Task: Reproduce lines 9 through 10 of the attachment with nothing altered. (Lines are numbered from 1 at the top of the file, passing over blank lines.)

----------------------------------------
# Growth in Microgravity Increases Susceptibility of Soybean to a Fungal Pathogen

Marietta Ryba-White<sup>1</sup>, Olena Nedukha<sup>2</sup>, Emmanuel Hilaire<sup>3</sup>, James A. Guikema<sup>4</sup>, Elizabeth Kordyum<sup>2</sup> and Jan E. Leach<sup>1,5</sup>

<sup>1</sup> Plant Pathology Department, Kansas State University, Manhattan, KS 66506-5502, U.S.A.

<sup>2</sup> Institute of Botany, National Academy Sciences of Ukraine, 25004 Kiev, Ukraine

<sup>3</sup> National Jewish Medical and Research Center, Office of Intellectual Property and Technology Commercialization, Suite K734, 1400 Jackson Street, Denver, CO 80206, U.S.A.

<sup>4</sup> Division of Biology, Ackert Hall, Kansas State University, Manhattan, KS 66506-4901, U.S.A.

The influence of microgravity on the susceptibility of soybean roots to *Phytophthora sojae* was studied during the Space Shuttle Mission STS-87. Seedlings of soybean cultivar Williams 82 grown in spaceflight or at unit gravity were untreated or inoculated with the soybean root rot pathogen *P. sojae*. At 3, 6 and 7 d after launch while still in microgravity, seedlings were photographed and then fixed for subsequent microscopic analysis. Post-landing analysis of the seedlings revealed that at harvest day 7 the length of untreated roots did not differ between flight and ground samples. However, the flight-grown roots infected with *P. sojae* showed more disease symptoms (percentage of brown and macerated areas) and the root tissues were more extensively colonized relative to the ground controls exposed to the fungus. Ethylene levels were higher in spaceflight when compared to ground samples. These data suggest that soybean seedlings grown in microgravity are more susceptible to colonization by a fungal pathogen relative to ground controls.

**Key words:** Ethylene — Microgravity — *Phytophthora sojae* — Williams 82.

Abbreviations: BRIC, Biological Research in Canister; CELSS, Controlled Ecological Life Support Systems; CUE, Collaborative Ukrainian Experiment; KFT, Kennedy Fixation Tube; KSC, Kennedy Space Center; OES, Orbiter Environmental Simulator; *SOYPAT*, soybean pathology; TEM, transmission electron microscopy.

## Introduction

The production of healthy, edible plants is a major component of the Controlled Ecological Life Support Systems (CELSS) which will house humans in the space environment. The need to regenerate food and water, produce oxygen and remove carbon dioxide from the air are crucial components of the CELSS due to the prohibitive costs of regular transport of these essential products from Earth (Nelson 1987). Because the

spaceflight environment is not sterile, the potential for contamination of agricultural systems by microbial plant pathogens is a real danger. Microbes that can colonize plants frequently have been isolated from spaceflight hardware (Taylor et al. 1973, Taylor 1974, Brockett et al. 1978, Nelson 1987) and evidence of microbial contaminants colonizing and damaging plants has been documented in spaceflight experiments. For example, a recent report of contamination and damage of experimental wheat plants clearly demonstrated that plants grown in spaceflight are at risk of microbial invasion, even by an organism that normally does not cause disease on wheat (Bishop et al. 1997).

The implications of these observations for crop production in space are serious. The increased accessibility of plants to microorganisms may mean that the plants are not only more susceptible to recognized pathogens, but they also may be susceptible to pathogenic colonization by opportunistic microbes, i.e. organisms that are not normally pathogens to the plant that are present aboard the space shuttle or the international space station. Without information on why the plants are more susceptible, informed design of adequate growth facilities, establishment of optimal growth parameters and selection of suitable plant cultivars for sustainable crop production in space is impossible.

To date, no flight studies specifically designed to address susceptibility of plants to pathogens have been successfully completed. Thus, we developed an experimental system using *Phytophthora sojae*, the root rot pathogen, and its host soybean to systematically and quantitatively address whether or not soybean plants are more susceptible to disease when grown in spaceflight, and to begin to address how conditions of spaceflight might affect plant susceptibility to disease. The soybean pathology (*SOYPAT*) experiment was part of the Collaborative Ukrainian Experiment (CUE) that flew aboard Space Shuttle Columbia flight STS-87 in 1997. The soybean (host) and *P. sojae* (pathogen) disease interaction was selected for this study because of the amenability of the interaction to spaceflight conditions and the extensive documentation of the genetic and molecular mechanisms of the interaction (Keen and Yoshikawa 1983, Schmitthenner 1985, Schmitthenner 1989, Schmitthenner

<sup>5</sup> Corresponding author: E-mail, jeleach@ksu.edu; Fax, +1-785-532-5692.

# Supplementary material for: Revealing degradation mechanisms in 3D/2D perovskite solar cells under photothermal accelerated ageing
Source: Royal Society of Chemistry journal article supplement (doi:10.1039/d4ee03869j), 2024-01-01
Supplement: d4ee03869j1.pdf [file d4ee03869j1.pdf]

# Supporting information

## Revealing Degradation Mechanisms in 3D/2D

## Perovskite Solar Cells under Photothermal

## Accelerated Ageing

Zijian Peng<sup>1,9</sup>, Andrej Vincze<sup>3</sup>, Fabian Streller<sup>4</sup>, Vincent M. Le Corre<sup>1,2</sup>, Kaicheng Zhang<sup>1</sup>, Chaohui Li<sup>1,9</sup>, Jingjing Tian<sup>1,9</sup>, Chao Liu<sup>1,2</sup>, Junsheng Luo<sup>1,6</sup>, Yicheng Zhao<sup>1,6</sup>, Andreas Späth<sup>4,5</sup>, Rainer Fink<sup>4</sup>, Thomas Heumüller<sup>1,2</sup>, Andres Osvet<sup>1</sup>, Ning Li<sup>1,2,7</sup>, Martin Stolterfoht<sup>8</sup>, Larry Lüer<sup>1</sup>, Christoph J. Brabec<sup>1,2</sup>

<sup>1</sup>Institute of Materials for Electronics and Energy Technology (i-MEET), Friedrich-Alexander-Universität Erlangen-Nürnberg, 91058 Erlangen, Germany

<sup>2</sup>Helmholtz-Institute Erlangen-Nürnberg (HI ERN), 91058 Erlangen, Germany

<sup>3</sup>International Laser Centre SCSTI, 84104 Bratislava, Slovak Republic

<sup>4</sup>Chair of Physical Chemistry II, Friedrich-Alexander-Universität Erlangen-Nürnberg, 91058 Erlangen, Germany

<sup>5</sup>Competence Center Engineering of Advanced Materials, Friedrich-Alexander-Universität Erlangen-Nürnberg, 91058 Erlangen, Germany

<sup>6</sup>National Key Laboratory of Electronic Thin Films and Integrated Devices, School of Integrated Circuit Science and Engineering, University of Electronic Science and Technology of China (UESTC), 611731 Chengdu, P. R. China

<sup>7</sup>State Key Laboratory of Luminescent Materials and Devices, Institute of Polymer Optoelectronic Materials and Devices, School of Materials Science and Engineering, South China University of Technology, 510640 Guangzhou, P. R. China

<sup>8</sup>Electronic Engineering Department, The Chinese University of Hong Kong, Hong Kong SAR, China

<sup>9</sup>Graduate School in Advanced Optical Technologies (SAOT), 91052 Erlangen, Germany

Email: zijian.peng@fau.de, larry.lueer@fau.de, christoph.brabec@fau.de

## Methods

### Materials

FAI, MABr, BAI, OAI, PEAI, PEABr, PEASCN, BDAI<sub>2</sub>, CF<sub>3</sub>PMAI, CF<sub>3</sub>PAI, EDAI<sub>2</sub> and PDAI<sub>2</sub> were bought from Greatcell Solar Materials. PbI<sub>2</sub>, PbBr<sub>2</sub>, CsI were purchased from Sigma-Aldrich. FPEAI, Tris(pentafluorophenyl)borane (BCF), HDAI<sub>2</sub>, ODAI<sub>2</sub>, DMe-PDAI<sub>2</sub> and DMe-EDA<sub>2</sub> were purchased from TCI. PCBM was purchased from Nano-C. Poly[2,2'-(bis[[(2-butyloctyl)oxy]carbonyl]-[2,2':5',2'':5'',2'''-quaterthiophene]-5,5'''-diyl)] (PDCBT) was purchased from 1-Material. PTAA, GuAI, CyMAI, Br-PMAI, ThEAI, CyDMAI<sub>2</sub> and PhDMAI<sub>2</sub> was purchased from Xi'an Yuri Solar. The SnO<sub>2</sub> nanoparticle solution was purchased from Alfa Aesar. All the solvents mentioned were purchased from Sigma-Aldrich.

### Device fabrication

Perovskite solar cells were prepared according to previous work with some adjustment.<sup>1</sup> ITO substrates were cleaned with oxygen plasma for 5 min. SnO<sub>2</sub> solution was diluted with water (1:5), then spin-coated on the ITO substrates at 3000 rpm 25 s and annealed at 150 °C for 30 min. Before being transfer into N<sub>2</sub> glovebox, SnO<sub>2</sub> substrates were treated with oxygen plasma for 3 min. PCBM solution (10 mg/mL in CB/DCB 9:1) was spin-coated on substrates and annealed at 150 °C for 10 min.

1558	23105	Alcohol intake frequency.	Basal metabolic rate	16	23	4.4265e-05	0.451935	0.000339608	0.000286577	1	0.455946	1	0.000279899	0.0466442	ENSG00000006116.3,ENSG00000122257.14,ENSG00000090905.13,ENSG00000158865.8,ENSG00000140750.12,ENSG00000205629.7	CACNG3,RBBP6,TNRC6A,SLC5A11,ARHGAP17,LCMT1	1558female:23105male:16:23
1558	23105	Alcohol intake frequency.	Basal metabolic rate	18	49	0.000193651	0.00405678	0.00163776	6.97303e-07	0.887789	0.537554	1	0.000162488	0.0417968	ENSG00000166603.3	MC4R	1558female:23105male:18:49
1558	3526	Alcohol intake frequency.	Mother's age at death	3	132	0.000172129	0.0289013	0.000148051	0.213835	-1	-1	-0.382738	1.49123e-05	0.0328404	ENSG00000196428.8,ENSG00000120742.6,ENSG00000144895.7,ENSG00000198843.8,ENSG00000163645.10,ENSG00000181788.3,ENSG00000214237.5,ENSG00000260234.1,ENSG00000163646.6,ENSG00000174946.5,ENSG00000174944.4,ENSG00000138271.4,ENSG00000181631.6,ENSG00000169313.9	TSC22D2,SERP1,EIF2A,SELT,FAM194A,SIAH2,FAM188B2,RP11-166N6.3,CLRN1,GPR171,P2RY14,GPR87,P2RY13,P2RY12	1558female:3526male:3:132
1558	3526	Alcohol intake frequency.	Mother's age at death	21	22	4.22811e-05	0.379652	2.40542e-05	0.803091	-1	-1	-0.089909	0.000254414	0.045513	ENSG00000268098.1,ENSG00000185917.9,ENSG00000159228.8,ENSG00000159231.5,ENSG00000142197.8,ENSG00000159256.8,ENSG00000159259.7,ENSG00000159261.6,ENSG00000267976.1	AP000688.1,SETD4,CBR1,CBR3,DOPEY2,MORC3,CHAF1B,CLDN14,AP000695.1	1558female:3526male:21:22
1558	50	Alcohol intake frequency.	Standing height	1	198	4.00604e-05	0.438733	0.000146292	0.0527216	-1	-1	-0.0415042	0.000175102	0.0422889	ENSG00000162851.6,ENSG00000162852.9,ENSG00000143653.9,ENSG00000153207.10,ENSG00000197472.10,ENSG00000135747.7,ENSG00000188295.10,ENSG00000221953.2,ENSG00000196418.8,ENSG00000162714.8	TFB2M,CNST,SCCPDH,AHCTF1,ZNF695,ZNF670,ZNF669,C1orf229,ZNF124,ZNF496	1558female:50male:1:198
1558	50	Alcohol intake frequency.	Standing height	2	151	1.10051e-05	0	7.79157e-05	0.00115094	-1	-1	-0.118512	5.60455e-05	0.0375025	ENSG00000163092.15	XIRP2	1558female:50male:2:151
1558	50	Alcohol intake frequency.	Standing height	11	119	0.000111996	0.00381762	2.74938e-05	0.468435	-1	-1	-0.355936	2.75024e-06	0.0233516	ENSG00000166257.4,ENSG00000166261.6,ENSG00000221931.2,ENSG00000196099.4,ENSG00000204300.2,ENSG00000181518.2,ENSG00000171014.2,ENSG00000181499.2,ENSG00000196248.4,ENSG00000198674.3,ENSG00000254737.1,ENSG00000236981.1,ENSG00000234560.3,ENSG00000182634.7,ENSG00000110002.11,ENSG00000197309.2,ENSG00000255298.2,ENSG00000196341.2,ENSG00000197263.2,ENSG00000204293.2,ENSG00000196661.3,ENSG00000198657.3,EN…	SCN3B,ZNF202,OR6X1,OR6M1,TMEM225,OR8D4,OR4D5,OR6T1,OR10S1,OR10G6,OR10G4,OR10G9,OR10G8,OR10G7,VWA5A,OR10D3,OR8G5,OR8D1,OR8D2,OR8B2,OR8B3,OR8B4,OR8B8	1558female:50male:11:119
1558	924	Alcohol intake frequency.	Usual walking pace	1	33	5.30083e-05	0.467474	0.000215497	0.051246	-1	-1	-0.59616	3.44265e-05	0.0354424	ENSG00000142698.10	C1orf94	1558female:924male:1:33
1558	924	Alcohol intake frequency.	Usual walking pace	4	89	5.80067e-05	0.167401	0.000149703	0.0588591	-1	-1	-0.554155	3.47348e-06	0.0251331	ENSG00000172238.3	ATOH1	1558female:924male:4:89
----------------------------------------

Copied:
Abbreviations: BRIC, Biological Research in Canister; CELSS, Controlled Ecological Life Support Systems; CUE, Collaborative Ukrainian Experiment; KFT, Kennedy Fixation Tube; KSC, Kennedy Space Center; OES, Orbiter Environmental Simulator; *SOYPAT*, soybean pathology; TEM, transmission electron microscopy.

## Introduction